Federal briefing note cites issues with creation of Alberta pension plan, says referendum unlikely until 2022 at earliest

Information regarding the Canadian Pension Plan is displayed of the service Canada website in Ottawa on Tuesday, January 31, 2012. (THE CANADIAN PRESS/Sean Kilpatrick)

Federal officials believe Alberta won't hold a referendum on creating its own pension plan until 2022 at the earliest, citing a lack of public support and administrative obstacles, according to a briefing note.

Civil servants drafted the document in 2020 for Minister of Seniors Deb Schulte. It was obtained by CTV News through an access to information request. 

"It is unlikely that the Alberta government will be moving forward with a referendum on withdrawal from the CPP [Canada Pension Plan] in 2020 or 2021,” it reads.​

Last summer, the province's Fair Deal Panel included the creation of a provincial pension plan among its recommendations, citing cost savings due to Alberta’s relatively young population and province's ability to manage its own assets.

The briefing note for Shulte challenges those findings, arguing the panel’s report falls short in a number of respects.

"In general the Panel’s report presents a positive case for withdrawing from the CPP, downplaying the potential risks of such a move."

Premier Jason Kenney said in March that his government would make a decision in the spring of 2021 on whether to pursue the creation of an Alberta pension plan and eventually withdraw from the CPP.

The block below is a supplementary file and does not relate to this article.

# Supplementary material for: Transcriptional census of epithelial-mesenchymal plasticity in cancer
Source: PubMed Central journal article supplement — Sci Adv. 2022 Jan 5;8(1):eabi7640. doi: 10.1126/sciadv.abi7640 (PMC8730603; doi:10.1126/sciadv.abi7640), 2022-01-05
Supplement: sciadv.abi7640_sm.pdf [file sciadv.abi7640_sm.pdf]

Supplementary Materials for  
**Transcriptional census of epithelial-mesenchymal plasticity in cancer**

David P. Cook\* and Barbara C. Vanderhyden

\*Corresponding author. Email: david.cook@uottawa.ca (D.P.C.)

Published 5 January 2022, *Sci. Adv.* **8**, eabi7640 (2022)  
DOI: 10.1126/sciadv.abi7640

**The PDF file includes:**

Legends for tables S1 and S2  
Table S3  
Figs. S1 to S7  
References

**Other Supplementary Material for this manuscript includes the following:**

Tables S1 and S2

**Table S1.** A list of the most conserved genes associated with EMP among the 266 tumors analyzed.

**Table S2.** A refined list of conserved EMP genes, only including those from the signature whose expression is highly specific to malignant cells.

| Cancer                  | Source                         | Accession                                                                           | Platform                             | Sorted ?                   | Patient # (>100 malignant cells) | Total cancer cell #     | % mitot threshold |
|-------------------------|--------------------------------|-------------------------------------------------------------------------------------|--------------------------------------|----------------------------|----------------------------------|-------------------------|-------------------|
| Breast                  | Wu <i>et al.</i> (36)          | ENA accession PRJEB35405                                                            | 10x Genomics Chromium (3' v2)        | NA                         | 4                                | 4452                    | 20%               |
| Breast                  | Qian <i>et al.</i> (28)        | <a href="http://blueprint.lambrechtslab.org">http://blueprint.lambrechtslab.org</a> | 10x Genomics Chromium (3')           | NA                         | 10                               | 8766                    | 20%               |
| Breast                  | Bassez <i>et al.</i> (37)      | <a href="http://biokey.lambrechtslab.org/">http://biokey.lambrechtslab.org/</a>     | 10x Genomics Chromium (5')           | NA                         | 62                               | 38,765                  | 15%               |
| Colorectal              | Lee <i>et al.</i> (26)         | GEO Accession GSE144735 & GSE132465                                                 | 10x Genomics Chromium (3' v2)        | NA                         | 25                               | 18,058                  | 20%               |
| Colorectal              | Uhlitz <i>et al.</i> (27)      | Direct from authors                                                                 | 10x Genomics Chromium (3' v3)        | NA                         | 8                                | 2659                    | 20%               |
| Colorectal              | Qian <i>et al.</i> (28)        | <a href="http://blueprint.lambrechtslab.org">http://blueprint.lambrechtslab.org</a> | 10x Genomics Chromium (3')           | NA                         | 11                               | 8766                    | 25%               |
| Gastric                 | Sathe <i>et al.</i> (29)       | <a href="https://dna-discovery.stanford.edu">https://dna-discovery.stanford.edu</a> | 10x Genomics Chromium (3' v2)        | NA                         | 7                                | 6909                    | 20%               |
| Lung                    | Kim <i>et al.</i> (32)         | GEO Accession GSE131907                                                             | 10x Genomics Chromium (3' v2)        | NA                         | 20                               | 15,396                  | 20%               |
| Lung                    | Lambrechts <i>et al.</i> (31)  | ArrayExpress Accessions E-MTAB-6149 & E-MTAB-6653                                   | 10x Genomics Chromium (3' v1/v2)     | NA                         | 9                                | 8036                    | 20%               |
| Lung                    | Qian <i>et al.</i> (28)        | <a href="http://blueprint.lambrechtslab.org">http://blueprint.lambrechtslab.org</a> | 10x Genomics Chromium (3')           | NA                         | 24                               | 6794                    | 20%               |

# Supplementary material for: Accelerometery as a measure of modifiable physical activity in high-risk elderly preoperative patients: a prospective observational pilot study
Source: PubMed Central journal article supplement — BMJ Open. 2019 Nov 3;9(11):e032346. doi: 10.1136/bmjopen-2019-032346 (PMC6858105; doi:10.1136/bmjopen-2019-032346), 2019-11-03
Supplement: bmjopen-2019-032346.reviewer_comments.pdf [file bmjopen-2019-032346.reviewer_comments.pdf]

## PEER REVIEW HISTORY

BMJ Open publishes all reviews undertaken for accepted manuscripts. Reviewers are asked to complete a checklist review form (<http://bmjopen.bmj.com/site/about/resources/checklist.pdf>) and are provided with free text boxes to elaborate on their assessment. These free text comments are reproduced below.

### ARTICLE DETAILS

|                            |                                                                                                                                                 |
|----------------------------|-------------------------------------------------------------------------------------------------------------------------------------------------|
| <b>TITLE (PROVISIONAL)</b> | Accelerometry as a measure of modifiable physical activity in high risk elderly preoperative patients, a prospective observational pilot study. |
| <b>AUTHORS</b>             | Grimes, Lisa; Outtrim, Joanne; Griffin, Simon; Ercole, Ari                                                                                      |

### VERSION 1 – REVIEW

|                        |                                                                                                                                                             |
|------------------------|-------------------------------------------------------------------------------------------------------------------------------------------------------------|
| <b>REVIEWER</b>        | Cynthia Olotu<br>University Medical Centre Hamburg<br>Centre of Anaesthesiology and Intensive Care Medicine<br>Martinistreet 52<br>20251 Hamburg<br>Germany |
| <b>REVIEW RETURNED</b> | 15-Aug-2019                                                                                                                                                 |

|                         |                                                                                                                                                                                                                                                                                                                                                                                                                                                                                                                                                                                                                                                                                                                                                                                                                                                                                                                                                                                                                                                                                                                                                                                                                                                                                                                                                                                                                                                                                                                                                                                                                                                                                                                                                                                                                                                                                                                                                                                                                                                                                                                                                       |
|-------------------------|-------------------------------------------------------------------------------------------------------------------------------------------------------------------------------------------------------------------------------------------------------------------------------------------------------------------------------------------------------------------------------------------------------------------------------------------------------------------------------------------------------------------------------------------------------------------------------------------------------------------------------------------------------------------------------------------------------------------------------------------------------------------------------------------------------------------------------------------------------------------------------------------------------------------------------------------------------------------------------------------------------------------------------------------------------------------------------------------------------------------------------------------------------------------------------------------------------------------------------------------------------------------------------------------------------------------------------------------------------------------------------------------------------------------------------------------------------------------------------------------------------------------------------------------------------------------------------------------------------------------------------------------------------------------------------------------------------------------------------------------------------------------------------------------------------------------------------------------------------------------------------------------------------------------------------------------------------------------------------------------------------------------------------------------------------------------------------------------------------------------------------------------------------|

A spokesperson for the premier's office says a decision hasn't yet been reached and "work is ongoing to complete a full analysis" of an potential Alberta pension plan.

"The premier has always been clear that such a consequential decision would need to be put directly to voters."

'HIGHER LEVELS OF RISK'

The Fair Deal Panel's report suggests that an Alberta pension plan would have a contribution rate of 5.85 per cent compared to the national contribution rate of 9.9 per cent.

It also cites a policy briefing from Keith Ambachtsheer with the C.D. Howe Institute claiming Alberta would receive between $40 billion and $70 billion from the CPP Fund as part of its withdrawal.

While the panel used the Howe Institute’s report to estimate the amount of funds, it excludes other parts of the same report that paint a less optimistic picture of withdrawing from CPP, according to the federal briefing note.

“Ambachtsheer also warned that the departure from the CPP’s asset management governance would result in Alberta’s pension fund being exposed to higher levels of risk.”

The note argues the panel’s report fails to address issues around pension portability, and stresses the need for three-way negotiations with the governments of Canada and Quebec should Alberta elect to withdraw from the CPP.

“The report suggests that some or all of the Alberta’s plan’s funds could remain the management of the Canada Pension Plan Investment Board (CCPIB), despite the fact this would counter to CPPIB’s mandate - and changing the mandate to allow it would require the consent of two thirds of provinces.” 

The note's authors argue the panel's report also ignores the need to create new infrastructure to collect and pay benefits around an Alberta plan.

"In fact, a later recommendation advises against the creation of an Alberta-only provincial revenue agency."

The note cites the panel's own polling data showing 58 per cent of respondents didn't believe that withdrawing from CPP would help improve Alberta's place in federation, and another poll showing 36 per cent of respondents supported withdrawing.

It also notes both polls occurred before the COVID-19 pandemic in March of 2020, and April 2020 reporting on the Alberta Investment Management Corporation​'s loss of up to $3 billion due to its volatility strategy.

Quebec was the only province to opt out of the CPP when it was created in 1966.